From APTs to ransomware operators
Zero-day exploits have historically been a resource employed primarily by well-funded cyberespionage groups and commercial spyware vendors that sell their so-called surveillance software to government agencies. That's because zero-day exploits are an expensive commodity with a short shelf-life.
Once they're detected in the wild, they're quickly patched. This means to get the most out of them, threat groups use them in very targeted campaigns against a small number of high value targets.
Developing exploits that work reliably across different versions of a product and different configurations is not an easy task.
Doing so for a vulnerability that wasn't previously known is even a bigger challenge and requires access to skilled bug hunters and exploit writers. Since not everyone can afford to do this in house, such exploits can fetch hundreds of thousands or even millions of dollars on the black market, putting them out of reach for the average cybercriminals.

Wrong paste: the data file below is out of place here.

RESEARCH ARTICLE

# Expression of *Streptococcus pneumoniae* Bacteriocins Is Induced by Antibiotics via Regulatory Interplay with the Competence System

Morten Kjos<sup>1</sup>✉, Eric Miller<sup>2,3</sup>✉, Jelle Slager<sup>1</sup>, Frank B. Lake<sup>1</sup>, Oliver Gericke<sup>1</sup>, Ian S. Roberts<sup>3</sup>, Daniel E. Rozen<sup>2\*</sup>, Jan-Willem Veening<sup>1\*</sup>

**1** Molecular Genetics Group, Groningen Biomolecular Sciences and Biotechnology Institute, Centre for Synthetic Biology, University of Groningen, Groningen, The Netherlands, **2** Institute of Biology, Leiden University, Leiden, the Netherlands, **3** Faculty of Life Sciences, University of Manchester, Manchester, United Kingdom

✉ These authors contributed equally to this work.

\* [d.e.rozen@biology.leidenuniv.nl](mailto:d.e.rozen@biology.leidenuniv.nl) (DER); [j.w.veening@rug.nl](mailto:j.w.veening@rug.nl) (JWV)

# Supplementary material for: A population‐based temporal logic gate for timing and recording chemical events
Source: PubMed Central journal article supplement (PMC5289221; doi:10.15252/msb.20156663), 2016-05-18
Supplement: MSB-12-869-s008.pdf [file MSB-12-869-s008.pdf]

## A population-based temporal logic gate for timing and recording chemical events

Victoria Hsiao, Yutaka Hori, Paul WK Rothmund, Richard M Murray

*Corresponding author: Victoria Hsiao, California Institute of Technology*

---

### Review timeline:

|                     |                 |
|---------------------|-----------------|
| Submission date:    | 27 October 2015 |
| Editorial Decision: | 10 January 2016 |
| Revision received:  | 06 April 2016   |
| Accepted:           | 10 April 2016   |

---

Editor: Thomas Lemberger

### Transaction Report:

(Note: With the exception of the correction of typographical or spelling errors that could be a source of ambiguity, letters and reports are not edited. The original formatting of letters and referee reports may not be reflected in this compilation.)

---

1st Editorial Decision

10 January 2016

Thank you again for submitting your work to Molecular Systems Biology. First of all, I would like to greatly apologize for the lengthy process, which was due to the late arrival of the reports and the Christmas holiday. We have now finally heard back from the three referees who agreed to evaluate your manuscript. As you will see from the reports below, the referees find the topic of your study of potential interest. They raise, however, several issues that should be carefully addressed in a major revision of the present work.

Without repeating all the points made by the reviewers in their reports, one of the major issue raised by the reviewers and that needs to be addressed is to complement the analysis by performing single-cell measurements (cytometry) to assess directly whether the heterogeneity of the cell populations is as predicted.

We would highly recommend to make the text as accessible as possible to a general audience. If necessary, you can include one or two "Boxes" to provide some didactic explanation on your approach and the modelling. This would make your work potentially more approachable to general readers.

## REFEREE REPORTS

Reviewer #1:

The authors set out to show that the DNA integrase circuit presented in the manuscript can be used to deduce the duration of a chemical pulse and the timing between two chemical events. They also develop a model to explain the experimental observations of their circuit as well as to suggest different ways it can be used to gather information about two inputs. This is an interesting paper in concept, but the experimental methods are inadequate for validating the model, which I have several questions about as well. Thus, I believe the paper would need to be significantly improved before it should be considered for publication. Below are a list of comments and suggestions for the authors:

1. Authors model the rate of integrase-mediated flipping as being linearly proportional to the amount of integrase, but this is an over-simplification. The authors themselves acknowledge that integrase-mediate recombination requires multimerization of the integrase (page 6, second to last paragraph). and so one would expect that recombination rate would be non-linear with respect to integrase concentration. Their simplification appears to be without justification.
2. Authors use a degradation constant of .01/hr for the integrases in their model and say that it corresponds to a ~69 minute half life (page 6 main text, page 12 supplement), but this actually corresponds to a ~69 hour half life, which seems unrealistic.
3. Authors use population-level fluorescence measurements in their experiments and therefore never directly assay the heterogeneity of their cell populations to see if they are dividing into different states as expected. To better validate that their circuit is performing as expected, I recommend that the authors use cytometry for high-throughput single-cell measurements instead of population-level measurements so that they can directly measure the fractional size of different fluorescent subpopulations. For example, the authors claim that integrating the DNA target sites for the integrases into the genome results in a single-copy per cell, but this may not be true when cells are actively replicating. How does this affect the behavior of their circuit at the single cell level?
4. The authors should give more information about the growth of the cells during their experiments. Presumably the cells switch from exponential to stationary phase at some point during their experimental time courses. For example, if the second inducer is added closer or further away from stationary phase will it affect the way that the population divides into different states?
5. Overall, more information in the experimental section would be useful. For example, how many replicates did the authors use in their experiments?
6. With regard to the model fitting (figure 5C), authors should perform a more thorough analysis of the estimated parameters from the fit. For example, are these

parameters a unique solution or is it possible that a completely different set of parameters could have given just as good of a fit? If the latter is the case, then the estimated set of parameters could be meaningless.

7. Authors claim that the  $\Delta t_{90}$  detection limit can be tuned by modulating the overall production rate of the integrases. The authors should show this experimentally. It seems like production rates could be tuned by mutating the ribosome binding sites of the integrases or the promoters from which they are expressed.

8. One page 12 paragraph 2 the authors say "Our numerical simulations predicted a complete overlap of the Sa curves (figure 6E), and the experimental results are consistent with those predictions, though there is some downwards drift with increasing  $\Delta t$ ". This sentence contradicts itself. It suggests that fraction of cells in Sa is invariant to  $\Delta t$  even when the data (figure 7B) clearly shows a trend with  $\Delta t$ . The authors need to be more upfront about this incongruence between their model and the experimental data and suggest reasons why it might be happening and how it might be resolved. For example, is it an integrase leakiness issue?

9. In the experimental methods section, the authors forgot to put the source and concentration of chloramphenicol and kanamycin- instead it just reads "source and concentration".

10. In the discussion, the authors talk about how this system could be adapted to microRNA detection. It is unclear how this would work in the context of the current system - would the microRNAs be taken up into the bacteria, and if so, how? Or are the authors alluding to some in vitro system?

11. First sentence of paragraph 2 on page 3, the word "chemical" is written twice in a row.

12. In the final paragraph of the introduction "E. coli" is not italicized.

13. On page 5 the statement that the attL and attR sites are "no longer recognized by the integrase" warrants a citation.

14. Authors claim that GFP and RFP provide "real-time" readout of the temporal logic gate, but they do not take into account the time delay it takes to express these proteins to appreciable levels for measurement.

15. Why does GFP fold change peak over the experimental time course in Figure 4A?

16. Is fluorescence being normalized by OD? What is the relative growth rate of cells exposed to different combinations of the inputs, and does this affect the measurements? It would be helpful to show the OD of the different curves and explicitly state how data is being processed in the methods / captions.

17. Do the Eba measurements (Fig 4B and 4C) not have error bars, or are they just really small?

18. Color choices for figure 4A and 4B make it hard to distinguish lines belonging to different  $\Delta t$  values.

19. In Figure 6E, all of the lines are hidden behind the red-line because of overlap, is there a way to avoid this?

Out of the 55 zero-day exploits observed in 2022, Mandiant managed to reliably determine motivation and attribution for 16 of them.
It's no surprise that 80% of those (13 flaws) were used in cyberespionage attacks, but the surprise is that a quarter were used in financially motivated attacks, mainly to deploy ransomware. This highlights a trend of cybercriminals also leveraging zero-day exploits, especially for operations with a high return on investment. One flaw was leveraged in both cyberespionage and financially motivated attacks, so there was some overlap.